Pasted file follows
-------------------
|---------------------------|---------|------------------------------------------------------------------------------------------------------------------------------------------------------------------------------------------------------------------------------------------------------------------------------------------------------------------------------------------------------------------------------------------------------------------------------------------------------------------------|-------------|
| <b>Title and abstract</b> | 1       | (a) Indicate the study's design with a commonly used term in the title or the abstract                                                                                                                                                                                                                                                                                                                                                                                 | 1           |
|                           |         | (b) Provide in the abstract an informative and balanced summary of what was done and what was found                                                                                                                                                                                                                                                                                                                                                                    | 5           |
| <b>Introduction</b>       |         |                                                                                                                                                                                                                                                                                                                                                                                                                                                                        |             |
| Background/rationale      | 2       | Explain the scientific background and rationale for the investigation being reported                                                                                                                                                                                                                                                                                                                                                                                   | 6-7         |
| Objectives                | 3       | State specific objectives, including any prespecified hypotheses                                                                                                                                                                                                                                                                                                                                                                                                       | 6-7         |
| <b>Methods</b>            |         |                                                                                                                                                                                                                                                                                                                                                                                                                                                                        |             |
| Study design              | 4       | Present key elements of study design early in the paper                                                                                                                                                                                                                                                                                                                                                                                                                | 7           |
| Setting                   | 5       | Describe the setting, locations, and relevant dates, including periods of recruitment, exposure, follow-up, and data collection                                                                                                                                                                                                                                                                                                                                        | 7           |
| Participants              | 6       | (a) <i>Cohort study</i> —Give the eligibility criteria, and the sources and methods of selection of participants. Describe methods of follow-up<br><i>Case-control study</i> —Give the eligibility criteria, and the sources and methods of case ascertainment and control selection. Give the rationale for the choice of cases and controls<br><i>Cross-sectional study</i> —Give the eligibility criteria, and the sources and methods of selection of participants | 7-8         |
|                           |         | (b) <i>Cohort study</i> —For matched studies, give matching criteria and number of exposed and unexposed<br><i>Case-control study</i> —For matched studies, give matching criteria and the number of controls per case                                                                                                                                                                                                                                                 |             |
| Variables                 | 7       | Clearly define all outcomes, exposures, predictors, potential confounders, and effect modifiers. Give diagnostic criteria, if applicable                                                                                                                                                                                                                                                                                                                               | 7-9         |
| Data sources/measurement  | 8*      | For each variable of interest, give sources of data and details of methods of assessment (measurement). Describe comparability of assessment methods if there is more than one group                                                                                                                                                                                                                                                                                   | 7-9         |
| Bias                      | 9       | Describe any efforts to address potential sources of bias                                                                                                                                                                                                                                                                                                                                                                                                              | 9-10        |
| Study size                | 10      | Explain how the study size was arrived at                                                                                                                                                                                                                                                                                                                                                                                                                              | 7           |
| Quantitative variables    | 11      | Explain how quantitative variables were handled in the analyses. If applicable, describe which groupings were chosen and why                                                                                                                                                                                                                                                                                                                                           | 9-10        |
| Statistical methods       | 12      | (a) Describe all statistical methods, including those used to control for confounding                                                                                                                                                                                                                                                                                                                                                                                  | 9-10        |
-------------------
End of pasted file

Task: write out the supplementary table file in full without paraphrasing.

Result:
|---------------------------|---------|------------------------------------------------------------------------------------------------------------------------------------------------------------------------------------------------------------------------------------------------------------------------------------------------------------------------------------------------------------------------------------------------------------------------------------------------------------------------|-------------|
| <b>Title and abstract</b> | 1       | (a) Indicate the study's design with a commonly used term in the title or the abstract                                                                                                                                                                                                                                                                                                                                                                                 | 1           |
|                           |         | (b) Provide in the abstract an informative and balanced summary of what was done and what was found                                                                                                                                                                                                                                                                                                                                                                    | 5           |
| <b>Introduction</b>       |         |                                                                                                                                                                                                                                                                                                                                                                                                                                                                        |             |
| Background/rationale      | 2       | Explain the scientific background and rationale for the investigation being reported                                                                                                                                                                                                                                                                                                                                                                                   | 6-7         |
| Objectives                | 3       | State specific objectives, including any prespecified hypotheses                                                                                                                                                                                                                                                                                                                                                                                                       | 6-7         |
| <b>Methods</b>            |         |                                                                                                                                                                                                                                                                                                                                                                                                                                                                        |             |
| Study design              | 4       | Present key elements of study design early in the paper                                                                                                                                                                                                                                                                                                                                                                                                                | 7           |
| Setting                   | 5       | Describe the setting, locations, and relevant dates, including periods of recruitment, exposure, follow-up, and data collection                                                                                                                                                                                                                                                                                                                                        | 7           |
| Participants              | 6       | (a) <i>Cohort study</i> —Give the eligibility criteria, and the sources and methods of selection of participants. Describe methods of follow-up<br><i>Case-control study</i> —Give the eligibility criteria, and the sources and methods of case ascertainment and control selection. Give the rationale for the choice of cases and controls<br><i>Cross-sectional study</i> —Give the eligibility criteria, and the sources and methods of selection of participants | 7-8         |
|                           |         | (b) <i>Cohort study</i> —For matched studies, give matching criteria and number of exposed and unexposed<br><i>Case-control study</i> —For matched studies, give matching criteria and the number of controls per case                                                                                                                                                                                                                                                 |             |
| Variables                 | 7       | Clearly define all outcomes, exposures, predictors, potential confounders, and effect modifiers. Give diagnostic criteria, if applicable                                                                                                                                                                                                                                                                                                                               | 7-9         |
| Data sources/measurement  | 8*      | For each variable of interest, give sources of data and details of methods of assessment (measurement). Describe comparability of assessment methods if there is more than one group                                                                                                                                                                                                                                                                                   | 7-9         |
| Bias                      | 9       | Describe any efforts to address potential sources of bias                                                                                                                                                                                                                                                                                                                                                                                                              | 9-10        |
| Study size                | 10      | Explain how the study size was arrived at                                                                                                                                                                                                                                                                                                                                                                                                                              | 7           |
| Quantitative variables    | 11      | Explain how quantitative variables were handled in the analyses. If applicable, describe which groupings were chosen and why                                                                                                                                                                                                                                                                                                                                           | 9-10        |
| Statistical methods       | 12      | (a) Describe all statistical methods, including those used to control for confounding                                                                                                                                                                                                                                                                                                                                                                                  | 9-10        |